Step 5: Stop throwing away or even trying to recycle plastic.
“What? Stop throwing away plastic? Then what I am going to do with all that plastic? And why wouldn’t I recycle it or let my town at least take it to the landfill?”
There are some very good reasons.
First of all, only a very small percentage (like 6%) of all the plastic ever made has actually been recycled. And now even that small amount isn’t going to be recycled anymore. The recycling program has broken down worldwide. Countries that used to accept our trash have closed their doors. They no longer want to, or can afford to be, our toxic waste dumps.
Our landfills were already filling up. Now they’ll fill up even faster, with chemicals leaching away from the plastic into the soil. Or the plastic will end in a river then the ocean then the stomach of a whale. I don’t know about you, but the thought that my careless purchase of a head of lettuce wrapped in plastic might contribute to the death of a whale is horrifying – and also deeply motivating.
It motivates me to do better, do even more than I’ve been doing with steps 1 through 4. I figure if I don’t throw away or try to recycle that plastic wrap for the lettuce, then it can’t possibly leach into the soil. It can’t possibly reach the ocean. And it sure could not harm a whale or turtle or anything else.
That sounds really good.
So I am going to adopt the following viewpoint regarding any plastic I consume (bring home):
Once I consume it, I own it. It’s now my responsibility. And I will treat it like the poison it is. I will sequester it and put it where it can do no harm.
Honestly, I am not sure how this is going to work out. I am pretty sure it will serve as a strong incentive to avoid consuming more plastic, since I’ll have to ask myself: where am I going to put it? And I need to figure out how to store it so that my wife doesn’t have a very justifiable fit.
So some challenges lie ahead, but I know that this feels so true to me:
When I throw away plastic, I kill a little bit more of my planet.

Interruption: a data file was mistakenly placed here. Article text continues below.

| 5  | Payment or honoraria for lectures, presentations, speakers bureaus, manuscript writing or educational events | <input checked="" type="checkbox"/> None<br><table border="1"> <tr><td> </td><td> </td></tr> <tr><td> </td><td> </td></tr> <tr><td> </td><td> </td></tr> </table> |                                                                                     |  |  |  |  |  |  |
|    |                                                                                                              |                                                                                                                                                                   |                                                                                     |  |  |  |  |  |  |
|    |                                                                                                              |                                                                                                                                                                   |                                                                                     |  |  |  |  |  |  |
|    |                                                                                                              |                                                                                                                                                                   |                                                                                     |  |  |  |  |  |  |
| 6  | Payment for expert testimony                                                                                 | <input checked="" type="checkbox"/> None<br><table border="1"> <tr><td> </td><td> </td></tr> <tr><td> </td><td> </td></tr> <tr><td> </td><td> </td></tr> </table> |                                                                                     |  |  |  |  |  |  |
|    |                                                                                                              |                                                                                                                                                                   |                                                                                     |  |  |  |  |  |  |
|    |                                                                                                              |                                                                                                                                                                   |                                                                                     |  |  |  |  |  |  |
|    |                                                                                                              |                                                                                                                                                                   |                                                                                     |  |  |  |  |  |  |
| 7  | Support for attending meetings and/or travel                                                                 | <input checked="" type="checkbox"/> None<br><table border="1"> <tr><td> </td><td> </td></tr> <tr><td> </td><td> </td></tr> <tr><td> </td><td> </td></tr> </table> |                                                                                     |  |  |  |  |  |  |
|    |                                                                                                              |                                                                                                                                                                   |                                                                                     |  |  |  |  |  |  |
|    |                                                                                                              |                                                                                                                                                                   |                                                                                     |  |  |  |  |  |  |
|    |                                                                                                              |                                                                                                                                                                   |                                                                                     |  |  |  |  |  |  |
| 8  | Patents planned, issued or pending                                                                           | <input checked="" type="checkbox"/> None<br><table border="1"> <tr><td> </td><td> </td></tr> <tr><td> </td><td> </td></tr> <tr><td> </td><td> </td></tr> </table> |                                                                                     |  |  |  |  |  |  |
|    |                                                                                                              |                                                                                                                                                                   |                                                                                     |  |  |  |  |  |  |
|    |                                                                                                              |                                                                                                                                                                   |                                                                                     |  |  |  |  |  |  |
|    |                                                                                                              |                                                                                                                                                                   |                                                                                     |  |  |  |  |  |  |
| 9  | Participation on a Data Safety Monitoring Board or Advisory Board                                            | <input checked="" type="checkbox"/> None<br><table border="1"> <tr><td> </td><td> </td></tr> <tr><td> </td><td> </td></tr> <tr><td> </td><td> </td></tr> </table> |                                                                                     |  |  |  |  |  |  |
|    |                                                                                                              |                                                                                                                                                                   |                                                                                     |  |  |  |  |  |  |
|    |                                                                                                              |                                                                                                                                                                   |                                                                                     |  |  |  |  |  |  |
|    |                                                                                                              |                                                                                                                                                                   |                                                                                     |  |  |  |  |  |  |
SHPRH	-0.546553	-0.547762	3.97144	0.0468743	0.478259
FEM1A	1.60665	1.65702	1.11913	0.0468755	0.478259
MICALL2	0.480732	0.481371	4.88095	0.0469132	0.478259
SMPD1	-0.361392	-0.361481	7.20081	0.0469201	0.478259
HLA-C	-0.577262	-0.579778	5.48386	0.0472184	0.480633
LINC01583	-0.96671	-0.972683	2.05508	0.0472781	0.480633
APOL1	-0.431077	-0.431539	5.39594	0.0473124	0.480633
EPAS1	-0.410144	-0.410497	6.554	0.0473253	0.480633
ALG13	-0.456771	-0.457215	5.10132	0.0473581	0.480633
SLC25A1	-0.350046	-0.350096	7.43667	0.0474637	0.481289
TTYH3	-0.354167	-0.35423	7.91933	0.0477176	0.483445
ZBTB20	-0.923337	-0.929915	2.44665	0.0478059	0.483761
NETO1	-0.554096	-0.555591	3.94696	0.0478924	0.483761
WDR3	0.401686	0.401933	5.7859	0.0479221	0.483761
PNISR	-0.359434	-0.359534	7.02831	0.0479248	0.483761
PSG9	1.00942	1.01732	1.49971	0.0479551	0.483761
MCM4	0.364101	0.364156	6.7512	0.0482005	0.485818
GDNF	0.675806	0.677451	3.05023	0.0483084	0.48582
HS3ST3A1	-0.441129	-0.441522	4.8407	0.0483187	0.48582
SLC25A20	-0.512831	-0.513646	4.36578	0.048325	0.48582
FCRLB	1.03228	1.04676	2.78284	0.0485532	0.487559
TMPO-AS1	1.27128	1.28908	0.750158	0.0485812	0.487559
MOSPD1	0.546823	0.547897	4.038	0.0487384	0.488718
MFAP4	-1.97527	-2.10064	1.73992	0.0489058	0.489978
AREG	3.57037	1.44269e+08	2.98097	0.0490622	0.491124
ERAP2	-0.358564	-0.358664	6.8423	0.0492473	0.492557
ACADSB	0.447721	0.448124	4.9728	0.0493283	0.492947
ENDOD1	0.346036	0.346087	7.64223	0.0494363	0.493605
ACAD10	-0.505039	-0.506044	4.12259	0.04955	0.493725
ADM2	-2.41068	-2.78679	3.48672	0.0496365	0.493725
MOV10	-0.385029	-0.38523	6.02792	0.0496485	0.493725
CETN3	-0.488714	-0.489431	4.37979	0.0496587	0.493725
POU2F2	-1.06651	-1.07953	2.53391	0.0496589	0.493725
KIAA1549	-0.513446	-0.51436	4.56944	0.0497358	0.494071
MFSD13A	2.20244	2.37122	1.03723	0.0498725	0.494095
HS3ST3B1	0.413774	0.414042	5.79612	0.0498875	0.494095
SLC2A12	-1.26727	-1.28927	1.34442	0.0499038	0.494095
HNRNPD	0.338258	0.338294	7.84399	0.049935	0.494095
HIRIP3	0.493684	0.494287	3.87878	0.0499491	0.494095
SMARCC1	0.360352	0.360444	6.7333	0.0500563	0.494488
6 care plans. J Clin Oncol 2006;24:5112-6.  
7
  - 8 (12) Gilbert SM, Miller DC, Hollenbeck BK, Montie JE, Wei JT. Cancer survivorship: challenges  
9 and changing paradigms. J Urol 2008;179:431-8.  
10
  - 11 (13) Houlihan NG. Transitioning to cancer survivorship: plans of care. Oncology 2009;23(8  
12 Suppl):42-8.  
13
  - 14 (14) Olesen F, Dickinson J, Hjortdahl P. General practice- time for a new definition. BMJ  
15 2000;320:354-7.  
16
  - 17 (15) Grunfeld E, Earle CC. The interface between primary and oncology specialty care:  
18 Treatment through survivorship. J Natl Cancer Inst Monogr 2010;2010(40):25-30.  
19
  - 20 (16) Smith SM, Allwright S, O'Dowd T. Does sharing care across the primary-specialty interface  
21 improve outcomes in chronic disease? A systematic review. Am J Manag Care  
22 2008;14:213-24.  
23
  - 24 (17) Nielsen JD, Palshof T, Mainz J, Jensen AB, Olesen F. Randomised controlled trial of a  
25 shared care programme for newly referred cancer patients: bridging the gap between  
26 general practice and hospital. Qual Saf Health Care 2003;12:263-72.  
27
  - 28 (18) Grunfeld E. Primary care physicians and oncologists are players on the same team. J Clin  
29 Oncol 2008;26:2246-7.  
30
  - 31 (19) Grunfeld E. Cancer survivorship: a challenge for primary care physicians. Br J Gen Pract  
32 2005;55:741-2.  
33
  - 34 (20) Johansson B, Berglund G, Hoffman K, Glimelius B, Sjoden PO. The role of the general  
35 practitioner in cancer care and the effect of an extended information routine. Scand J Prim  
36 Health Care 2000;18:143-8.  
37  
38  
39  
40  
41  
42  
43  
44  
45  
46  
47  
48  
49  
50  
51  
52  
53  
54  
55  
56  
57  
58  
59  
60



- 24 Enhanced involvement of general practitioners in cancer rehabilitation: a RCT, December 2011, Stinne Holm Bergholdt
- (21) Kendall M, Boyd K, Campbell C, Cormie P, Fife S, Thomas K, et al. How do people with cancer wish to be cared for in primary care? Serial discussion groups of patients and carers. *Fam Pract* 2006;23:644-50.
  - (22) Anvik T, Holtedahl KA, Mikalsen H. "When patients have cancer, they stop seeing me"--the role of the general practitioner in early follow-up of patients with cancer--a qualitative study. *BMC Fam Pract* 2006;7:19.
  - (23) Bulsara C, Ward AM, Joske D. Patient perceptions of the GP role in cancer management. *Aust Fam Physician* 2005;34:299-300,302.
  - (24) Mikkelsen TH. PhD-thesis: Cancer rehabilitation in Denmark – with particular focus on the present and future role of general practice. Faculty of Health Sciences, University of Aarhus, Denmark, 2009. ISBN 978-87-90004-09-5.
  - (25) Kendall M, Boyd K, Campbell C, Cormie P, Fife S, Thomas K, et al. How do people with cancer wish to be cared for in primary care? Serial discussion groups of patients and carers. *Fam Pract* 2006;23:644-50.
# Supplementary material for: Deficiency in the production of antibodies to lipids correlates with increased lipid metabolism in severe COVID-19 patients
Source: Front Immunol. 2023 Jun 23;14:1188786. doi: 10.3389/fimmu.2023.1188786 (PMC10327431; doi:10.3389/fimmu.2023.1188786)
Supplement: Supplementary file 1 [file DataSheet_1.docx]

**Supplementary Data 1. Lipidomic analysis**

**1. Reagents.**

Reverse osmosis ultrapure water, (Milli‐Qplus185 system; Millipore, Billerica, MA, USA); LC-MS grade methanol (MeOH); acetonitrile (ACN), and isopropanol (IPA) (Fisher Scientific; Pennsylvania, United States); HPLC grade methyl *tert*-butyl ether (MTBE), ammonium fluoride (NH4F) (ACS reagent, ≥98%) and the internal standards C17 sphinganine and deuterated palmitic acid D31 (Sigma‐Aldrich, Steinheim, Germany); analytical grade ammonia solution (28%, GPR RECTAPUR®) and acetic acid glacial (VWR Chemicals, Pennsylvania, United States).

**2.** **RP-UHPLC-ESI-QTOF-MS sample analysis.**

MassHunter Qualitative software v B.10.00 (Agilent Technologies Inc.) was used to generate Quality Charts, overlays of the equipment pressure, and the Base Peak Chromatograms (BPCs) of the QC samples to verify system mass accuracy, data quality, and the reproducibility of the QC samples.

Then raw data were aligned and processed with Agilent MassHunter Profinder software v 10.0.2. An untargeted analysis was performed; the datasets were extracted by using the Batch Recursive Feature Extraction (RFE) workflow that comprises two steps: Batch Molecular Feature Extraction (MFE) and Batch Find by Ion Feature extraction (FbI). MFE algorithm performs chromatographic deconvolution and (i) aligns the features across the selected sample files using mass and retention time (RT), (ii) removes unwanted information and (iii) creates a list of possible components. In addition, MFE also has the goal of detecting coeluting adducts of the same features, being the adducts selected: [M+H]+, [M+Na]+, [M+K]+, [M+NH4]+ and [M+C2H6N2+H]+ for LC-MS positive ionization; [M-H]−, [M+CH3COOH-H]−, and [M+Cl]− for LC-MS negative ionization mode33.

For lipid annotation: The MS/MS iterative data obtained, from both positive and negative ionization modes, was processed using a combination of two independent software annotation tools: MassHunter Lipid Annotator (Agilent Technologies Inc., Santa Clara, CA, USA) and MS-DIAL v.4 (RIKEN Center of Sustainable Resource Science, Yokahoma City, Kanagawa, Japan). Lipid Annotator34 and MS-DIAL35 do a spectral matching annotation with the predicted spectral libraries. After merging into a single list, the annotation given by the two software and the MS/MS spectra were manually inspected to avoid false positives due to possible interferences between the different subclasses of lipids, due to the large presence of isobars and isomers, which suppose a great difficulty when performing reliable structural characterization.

And I know that this feels right to me:
Storing my plastic is a small price to pay to help keep whales and turtles and birds and people alive.
So I’ll give it a try and report back now and then on how I am doing, the challenges I encounter and how, hopefully, I met them. And all the times that I violate my five-part plan for plastic? I’ll report on that, too. It’s sure to happen and I’ll try not to be too hard on myself. I’ll just concentrate on doing better tomorrow.
And you? Does this sound interesting to you? Are you thinking maybe you’d like to try it, too, but seriously doubt whether you could avoid throwing away all your plastic? Then I offer the following suggestions:
Keep as much plastic as you can. Depending on your home and property, that could be a lot or a little. Just remind yourself: This is not an all or nothing situation. Every single piece of plastic you do not throw away helps save lives. So just keep as much plastic as you can.
Or don’t keep any of it. Recycle as much as you can and hope that the right things happen. But also as you shop, remind yourself that any plastic you do buy could end up killing an animal that is a member of a species that is threatened with extinction. Perhaps that will help you buy less plastic.
I’m going to use the hashtag #KeepingMyPlastic as I report on my progress on my @tree_rescuer Twitter account (I also am obsessed about saving trees threatened by invasive species like wisteria). If you decide to try keeping your plastic, please use the same hashtag when you report on your successes and challenges.
It’s time to stop the killing and start the healing.